ST. LUCIE COUNTY, FLA., a scenic region on the Treasure Coast, is considered paradise by many of its residents. The combination of beautiful scenery and temperate weather inspires thousands of people each year to make the area their new home. Such an influx has given the county the distinction of being the second fastest-growing region in the country and has prompted officials to ensure that its solid waste infrastructure can accommodate the population explosion.
“No one could have anticipated that we would [see an] increase in population from 2 to 3 percent annually to 10 percent seemingly overnight,” says Leo Cordeiro, the county's solid waste manager.
Real estate and retail markets traditionally thrive when an area experiences a population boom, but such a dynamic can mean big problems for a local government's solid waste system. To avoid overburdening its 330-acre Glades Cut-Off Road landfill and creating the need for new landfill disposal cells, St. Lucie County built a construction and demolition (C&D) processing facility as well as a baling and recycling facility. Together, the structures have extended the landfill's lifespan by 20 years by expanding the amount of recyclables recovered from the waste stream and increasing the density of disposed waste.
The $3.6 million C&D facility receives roughly 600 tons of material each day. The material is sorted in the tipping area by a grapple operator and by county employees using manual sorting along with magnetic and air separation technologies. The recyclable material is sold to vendors. St. Lucie County recovers and sells cardboard, ferrous metals, aggregate, wood and tiles, among other materials.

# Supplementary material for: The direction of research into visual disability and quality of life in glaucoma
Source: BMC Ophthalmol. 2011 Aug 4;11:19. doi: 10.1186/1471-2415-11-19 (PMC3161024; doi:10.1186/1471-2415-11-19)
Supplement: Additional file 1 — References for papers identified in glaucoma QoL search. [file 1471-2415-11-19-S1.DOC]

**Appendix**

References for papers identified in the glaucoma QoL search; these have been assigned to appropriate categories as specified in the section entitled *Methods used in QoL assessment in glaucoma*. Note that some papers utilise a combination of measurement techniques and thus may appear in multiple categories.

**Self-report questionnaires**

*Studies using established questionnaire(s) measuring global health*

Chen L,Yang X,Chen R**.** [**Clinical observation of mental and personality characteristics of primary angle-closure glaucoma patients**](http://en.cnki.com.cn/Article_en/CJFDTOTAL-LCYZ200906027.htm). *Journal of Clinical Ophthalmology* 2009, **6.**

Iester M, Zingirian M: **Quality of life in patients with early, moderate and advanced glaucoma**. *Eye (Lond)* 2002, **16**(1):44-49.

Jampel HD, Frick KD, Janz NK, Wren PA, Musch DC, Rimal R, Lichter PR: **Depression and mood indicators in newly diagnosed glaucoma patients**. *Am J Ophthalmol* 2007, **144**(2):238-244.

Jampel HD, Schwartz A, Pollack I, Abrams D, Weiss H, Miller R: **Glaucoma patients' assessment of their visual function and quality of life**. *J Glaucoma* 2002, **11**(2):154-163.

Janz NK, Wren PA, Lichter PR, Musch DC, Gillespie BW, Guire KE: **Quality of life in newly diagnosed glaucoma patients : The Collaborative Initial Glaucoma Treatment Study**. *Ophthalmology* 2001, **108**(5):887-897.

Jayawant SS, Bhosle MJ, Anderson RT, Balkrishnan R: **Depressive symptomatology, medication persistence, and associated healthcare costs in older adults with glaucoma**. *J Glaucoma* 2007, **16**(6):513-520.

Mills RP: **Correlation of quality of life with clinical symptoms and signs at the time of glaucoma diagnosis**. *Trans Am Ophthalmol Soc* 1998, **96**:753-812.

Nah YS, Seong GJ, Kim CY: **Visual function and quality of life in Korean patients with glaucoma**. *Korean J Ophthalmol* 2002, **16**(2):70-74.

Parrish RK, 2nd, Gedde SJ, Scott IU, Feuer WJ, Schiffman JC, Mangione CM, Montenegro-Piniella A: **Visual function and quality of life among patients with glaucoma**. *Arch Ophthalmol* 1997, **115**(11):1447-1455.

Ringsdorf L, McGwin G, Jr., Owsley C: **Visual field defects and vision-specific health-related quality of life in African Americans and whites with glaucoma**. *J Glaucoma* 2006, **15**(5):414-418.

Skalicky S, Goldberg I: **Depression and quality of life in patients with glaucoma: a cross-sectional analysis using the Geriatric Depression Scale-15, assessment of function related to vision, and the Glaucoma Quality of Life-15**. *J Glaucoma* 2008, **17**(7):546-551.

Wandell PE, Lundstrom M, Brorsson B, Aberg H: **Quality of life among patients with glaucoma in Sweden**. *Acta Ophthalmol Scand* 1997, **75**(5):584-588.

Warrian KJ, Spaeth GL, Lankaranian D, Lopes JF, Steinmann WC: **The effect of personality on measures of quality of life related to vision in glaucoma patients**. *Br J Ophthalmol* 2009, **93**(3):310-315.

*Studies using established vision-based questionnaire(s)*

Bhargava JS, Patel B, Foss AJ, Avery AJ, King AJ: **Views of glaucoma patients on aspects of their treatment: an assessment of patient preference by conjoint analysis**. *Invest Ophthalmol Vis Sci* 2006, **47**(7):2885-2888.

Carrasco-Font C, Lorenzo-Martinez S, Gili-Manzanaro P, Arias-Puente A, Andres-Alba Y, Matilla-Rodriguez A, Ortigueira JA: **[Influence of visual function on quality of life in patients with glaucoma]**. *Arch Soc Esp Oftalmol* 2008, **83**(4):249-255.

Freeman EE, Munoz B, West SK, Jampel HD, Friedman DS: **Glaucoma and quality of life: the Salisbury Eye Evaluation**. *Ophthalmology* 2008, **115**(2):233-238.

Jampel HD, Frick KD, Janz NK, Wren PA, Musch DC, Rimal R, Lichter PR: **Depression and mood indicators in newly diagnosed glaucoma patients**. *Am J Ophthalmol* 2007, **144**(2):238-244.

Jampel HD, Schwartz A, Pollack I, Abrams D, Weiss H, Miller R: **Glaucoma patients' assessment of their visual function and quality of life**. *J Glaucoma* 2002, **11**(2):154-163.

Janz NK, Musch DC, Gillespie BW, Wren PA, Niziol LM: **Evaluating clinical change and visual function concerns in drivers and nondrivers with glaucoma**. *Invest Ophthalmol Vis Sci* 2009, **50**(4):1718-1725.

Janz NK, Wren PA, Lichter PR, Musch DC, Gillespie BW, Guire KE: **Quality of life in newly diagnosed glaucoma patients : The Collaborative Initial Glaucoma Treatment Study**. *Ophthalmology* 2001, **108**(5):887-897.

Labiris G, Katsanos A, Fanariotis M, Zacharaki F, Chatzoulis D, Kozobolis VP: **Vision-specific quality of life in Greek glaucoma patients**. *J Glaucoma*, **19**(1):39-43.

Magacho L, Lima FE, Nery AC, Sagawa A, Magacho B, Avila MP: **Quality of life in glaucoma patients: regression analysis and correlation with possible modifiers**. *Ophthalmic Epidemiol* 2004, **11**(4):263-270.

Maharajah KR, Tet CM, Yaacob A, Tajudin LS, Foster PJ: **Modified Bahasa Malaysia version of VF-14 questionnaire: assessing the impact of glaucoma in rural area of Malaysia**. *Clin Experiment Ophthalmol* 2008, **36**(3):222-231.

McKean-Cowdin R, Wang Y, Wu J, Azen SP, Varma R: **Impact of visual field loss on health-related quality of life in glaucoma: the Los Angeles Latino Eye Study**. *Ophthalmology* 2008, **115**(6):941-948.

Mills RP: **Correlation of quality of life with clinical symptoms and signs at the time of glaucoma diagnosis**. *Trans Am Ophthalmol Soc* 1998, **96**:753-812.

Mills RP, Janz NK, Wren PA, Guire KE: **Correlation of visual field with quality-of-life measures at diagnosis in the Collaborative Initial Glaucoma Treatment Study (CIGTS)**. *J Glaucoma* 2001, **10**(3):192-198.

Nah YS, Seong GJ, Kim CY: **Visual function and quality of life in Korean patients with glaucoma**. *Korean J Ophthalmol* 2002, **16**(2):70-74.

“Why bury 600 tons a day when you can cover your costs with the sale of the material? Cordeiro asks.
The non-recyclable material is ground up and used as alternate landfill cover, Cordeiro says. Approximately 10 percent of the C&D waste that the facility processes each day is used to cover the Class I bales and for sideslope stabilization, he adds.
Meanwhile, the $10 million baling and recycling facility receives about 2,500 tons of household, commercial and industrial waste (Class I) per day. After being sorted on the center's 55,000 square foot tipping floor, the non-recyclable materials are compressed into dense bales and then transferred to the landfill for disposal.
The baling and recycling facility delayed the need for additional landfill cells by increasing the density of the landfilled material. The bales produced at the center allow solid waste to be buried at the landfill at a density in excess of 1,800 pounds per cubic yard. When the county used a traditional compaction process, material was buried at a density of 1,100 pounds per cubic yard.
By baling material at the facility rather than compacting it at the landfill, the county also has reduced fuel consumption at the Glades Cut-Off Road site. The county also is experiencing savings in operational costs related to landfill cover material, landfill gas generation and odor issues.
Once the landfill does close, the baling facility will be converted into a transfer station, saving the county millions of dollars in capital costs that would be required to construct a new station.
As the market for recycled goods continues to grow, the two facilities will provide the county with a consistent source of revenue. In 2004, the baling facility alone sold approximately $500,000 of recyclable materials, which allows St. Lucie County to hold down its municipal disposal fees. Before the facilities were built, the county earned roughly $10,000 a year from such sales. The county previously relied solely on its curbside recycling program.
When an area experiences a significant population boom such as St. Lucie County has in recent years, the strain placed on local solid waste infrastructure often is overlooked by the general public. Solid waste officials, however, know what a serious challenge responding to robust population growth can be.
With the C&D sorting center and the baling and recycling facility, St. Lucie County has met its considerable challenge in way that has allowed the local government to extend the life of its existing landfill and thereby preserve open and residential space in the area.
— Eric Grotke
Principal Engineer, CDM
Vero Beach, Fla.